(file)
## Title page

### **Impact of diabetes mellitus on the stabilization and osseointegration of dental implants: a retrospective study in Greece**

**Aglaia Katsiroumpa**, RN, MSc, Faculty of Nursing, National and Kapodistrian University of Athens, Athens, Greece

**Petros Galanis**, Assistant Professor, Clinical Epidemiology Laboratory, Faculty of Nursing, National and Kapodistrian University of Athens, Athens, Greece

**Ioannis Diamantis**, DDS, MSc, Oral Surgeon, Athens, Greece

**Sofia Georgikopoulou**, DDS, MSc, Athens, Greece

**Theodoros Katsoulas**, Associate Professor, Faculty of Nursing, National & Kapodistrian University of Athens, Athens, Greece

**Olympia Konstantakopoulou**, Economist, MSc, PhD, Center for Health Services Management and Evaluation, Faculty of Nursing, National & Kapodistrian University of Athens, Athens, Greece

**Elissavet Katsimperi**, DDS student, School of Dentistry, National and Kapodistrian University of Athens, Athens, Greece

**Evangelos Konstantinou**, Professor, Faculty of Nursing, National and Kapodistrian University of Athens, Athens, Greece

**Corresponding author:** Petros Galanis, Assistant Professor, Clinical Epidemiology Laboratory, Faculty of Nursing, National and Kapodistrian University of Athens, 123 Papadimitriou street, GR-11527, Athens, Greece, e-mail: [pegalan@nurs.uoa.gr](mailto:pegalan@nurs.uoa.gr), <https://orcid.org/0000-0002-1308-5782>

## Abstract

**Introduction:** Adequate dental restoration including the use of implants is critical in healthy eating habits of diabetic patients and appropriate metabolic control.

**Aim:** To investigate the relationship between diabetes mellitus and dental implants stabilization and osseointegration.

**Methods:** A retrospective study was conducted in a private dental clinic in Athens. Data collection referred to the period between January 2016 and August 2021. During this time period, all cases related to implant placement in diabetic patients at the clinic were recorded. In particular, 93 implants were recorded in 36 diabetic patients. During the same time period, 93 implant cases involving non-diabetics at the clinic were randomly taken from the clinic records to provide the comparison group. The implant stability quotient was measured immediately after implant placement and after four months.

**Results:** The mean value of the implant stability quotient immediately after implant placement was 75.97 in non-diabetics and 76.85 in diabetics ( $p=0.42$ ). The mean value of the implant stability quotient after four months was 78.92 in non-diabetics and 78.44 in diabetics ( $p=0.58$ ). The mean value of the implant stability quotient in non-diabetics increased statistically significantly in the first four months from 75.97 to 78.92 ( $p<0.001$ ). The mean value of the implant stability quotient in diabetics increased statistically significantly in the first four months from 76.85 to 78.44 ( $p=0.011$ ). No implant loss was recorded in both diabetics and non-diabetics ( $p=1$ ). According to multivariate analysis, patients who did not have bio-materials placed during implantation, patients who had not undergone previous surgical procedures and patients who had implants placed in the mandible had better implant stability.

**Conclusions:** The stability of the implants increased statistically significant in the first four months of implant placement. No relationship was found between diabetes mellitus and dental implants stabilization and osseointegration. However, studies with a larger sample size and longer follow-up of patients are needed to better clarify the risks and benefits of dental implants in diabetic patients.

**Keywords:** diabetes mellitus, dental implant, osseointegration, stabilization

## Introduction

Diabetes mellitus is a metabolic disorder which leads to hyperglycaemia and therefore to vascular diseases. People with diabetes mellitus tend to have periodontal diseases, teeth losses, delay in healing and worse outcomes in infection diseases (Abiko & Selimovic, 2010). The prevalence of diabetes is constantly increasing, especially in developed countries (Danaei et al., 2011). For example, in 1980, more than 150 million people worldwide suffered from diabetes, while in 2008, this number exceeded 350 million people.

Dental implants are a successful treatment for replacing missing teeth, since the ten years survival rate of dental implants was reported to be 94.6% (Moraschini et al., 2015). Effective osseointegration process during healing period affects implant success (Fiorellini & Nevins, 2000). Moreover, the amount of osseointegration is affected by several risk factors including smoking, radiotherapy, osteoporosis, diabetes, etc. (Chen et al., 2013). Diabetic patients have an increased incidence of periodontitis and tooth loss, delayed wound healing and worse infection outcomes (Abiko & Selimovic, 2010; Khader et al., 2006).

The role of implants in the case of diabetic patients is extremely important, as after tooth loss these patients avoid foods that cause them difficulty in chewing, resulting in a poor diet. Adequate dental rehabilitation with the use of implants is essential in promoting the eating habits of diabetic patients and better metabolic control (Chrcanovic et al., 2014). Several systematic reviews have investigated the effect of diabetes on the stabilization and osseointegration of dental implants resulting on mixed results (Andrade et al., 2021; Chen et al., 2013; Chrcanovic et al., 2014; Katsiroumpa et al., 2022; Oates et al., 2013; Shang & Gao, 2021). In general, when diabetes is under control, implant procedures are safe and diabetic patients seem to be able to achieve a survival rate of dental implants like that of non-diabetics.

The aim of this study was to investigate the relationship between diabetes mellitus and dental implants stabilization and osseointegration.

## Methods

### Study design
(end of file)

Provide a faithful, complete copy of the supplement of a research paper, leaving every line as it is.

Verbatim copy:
## Title page

### **Impact of diabetes mellitus on the stabilization and osseointegration of dental implants: a retrospective study in Greece**

**Aglaia Katsiroumpa**, RN, MSc, Faculty of Nursing, National and Kapodistrian University of Athens, Athens, Greece

**Petros Galanis**, Assistant Professor, Clinical Epidemiology Laboratory, Faculty of Nursing, National and Kapodistrian University of Athens, Athens, Greece

**Ioannis Diamantis**, DDS, MSc, Oral Surgeon, Athens, Greece

**Sofia Georgikopoulou**, DDS, MSc, Athens, Greece

**Theodoros Katsoulas**, Associate Professor, Faculty of Nursing, National & Kapodistrian University of Athens, Athens, Greece

**Olympia Konstantakopoulou**, Economist, MSc, PhD, Center for Health Services Management and Evaluation, Faculty of Nursing, National & Kapodistrian University of Athens, Athens, Greece

**Elissavet Katsimperi**, DDS student, School of Dentistry, National and Kapodistrian University of Athens, Athens, Greece

**Evangelos Konstantinou**, Professor, Faculty of Nursing, National and Kapodistrian University of Athens, Athens, Greece

**Corresponding author:** Petros Galanis, Assistant Professor, Clinical Epidemiology Laboratory, Faculty of Nursing, National and Kapodistrian University of Athens, 123 Papadimitriou street, GR-11527, Athens, Greece, e-mail: [pegalan@nurs.uoa.gr](mailto:pegalan@nurs.uoa.gr), <https://orcid.org/0000-0002-1308-5782>

## Abstract

**Introduction:** Adequate dental restoration including the use of implants is critical in healthy eating habits of diabetic patients and appropriate metabolic control.

**Aim:** To investigate the relationship between diabetes mellitus and dental implants stabilization and osseointegration.

**Methods:** A retrospective study was conducted in a private dental clinic in Athens. Data collection referred to the period between January 2016 and August 2021. During this time period, all cases related to implant placement in diabetic patients at the clinic were recorded. In particular, 93 implants were recorded in 36 diabetic patients. During the same time period, 93 implant cases involving non-diabetics at the clinic were randomly taken from the clinic records to provide the comparison group. The implant stability quotient was measured immediately after implant placement and after four months.

**Results:** The mean value of the implant stability quotient immediately after implant placement was 75.97 in non-diabetics and 76.85 in diabetics ( $p=0.42$ ). The mean value of the implant stability quotient after four months was 78.92 in non-diabetics and 78.44 in diabetics ( $p=0.58$ ). The mean value of the implant stability quotient in non-diabetics increased statistically significantly in the first four months from 75.97 to 78.92 ( $p<0.001$ ). The mean value of the implant stability quotient in diabetics increased statistically significantly in the first four months from 76.85 to 78.44 ( $p=0.011$ ). No implant loss was recorded in both diabetics and non-diabetics ( $p=1$ ). According to multivariate analysis, patients who did not have bio-materials placed during implantation, patients who had not undergone previous surgical procedures and patients who had implants placed in the mandible had better implant stability.

**Conclusions:** The stability of the implants increased statistically significant in the first four months of implant placement. No relationship was found between diabetes mellitus and dental implants stabilization and osseointegration. However, studies with a larger sample size and longer follow-up of patients are needed to better clarify the risks and benefits of dental implants in diabetic patients.

**Keywords:** diabetes mellitus, dental implant, osseointegration, stabilization

## Introduction

Diabetes mellitus is a metabolic disorder which leads to hyperglycaemia and therefore to vascular diseases. People with diabetes mellitus tend to have periodontal diseases, teeth losses, delay in healing and worse outcomes in infection diseases (Abiko & Selimovic, 2010). The prevalence of diabetes is constantly increasing, especially in developed countries (Danaei et al., 2011). For example, in 1980, more than 150 million people worldwide suffered from diabetes, while in 2008, this number exceeded 350 million people.

Dental implants are a successful treatment for replacing missing teeth, since the ten years survival rate of dental implants was reported to be 94.6% (Moraschini et al., 2015). Effective osseointegration process during healing period affects implant success (Fiorellini & Nevins, 2000). Moreover, the amount of osseointegration is affected by several risk factors including smoking, radiotherapy, osteoporosis, diabetes, etc. (Chen et al., 2013). Diabetic patients have an increased incidence of periodontitis and tooth loss, delayed wound healing and worse infection outcomes (Abiko & Selimovic, 2010; Khader et al., 2006).

The role of implants in the case of diabetic patients is extremely important, as after tooth loss these patients avoid foods that cause them difficulty in chewing, resulting in a poor diet. Adequate dental rehabilitation with the use of implants is essential in promoting the eating habits of diabetic patients and better metabolic control (Chrcanovic et al., 2014). Several systematic reviews have investigated the effect of diabetes on the stabilization and osseointegration of dental implants resulting on mixed results (Andrade et al., 2021; Chen et al., 2013; Chrcanovic et al., 2014; Katsiroumpa et al., 2022; Oates et al., 2013; Shang & Gao, 2021). In general, when diabetes is under control, implant procedures are safe and diabetic patients seem to be able to achieve a survival rate of dental implants like that of non-diabetics.

The aim of this study was to investigate the relationship between diabetes mellitus and dental implants stabilization and osseointegration.

## Methods

### Study design